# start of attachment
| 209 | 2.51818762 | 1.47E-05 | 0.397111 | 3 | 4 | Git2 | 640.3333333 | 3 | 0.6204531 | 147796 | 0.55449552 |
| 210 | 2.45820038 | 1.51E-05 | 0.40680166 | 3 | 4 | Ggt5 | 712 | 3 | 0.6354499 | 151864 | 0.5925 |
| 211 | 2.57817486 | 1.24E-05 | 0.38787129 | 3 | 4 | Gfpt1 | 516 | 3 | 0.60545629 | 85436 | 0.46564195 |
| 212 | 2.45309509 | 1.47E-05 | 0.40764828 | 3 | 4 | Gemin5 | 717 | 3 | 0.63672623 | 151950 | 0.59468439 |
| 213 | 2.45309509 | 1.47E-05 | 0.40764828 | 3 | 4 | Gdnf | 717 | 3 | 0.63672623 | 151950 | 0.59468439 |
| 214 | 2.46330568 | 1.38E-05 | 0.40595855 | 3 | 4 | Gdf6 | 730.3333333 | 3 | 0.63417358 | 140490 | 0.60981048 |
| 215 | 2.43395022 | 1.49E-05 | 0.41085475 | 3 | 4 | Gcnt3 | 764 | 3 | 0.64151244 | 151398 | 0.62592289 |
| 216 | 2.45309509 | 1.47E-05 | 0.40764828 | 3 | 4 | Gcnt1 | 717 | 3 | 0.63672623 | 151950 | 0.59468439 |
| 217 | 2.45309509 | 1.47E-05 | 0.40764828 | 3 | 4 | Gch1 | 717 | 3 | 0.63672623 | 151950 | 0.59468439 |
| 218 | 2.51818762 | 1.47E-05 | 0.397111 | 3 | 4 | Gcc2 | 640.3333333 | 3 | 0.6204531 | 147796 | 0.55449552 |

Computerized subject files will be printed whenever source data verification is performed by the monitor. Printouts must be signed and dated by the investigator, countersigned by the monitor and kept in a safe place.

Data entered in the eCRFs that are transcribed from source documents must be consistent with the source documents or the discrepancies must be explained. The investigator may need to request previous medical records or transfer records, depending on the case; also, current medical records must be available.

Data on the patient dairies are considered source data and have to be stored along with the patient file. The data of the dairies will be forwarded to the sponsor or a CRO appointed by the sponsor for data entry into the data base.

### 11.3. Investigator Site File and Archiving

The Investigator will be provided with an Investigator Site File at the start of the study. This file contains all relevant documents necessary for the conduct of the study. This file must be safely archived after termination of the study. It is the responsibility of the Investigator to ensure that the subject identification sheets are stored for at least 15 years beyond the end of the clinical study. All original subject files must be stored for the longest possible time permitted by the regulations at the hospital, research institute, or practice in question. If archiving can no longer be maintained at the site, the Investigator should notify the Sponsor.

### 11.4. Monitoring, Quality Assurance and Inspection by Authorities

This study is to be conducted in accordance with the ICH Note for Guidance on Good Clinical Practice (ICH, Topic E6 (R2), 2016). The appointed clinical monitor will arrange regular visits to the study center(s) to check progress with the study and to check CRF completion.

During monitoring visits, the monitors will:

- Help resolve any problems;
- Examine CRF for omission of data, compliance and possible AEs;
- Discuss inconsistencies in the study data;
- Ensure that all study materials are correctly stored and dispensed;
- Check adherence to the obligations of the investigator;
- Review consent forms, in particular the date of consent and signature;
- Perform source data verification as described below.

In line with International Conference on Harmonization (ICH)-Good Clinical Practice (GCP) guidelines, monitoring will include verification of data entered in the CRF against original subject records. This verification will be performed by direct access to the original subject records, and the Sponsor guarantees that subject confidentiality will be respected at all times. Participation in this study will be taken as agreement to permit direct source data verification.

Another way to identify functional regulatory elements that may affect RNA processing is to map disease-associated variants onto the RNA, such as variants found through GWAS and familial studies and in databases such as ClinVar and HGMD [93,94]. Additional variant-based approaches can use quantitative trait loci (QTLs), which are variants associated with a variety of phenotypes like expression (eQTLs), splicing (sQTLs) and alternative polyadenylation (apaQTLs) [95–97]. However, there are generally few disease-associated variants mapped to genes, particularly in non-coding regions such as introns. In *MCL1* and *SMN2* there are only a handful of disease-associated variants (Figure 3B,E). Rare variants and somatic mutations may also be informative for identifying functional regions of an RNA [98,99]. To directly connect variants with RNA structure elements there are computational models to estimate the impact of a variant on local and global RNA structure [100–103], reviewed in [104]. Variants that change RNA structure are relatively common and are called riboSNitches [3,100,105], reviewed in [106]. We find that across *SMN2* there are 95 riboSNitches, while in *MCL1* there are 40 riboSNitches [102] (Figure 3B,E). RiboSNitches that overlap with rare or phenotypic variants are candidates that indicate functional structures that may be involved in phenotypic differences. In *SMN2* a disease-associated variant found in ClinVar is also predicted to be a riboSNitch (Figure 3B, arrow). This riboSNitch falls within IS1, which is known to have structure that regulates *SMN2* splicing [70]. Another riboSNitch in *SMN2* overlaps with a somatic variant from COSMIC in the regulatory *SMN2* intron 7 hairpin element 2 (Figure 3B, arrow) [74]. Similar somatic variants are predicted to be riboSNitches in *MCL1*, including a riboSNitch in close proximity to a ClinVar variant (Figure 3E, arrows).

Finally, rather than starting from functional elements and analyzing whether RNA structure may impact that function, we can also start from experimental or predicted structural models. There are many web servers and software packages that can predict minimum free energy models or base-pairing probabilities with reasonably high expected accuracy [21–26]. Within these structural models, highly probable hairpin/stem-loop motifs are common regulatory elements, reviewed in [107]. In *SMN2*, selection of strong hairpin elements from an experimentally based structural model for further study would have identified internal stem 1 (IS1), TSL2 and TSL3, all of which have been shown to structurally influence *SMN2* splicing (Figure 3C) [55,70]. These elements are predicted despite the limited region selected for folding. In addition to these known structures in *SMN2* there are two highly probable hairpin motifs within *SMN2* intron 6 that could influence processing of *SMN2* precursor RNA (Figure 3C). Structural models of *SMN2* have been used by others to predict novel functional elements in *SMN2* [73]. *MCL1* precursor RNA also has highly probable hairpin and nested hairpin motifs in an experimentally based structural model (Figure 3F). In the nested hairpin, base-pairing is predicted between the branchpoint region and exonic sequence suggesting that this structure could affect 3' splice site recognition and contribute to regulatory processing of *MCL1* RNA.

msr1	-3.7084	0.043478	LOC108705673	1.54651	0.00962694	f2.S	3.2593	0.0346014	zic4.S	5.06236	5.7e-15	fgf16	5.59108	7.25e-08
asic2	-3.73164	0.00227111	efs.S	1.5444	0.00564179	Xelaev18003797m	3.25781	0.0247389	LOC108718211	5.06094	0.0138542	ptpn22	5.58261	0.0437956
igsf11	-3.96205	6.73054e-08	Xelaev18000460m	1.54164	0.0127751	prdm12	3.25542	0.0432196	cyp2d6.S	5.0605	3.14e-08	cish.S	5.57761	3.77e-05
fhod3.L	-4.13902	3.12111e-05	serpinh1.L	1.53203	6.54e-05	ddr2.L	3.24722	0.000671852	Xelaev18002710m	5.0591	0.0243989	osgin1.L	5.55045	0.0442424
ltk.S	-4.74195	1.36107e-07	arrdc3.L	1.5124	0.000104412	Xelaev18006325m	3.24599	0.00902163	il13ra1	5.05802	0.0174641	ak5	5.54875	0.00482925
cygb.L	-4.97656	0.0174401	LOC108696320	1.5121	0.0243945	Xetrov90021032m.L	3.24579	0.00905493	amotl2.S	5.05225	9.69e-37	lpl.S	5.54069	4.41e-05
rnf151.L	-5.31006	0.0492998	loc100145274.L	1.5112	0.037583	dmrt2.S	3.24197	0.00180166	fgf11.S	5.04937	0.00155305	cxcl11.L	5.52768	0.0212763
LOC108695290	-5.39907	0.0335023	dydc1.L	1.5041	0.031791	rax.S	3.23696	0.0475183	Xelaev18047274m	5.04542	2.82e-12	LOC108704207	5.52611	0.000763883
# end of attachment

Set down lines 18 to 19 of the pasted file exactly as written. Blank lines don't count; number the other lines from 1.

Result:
During monitoring visits, the monitors will:

- Help resolve any problems;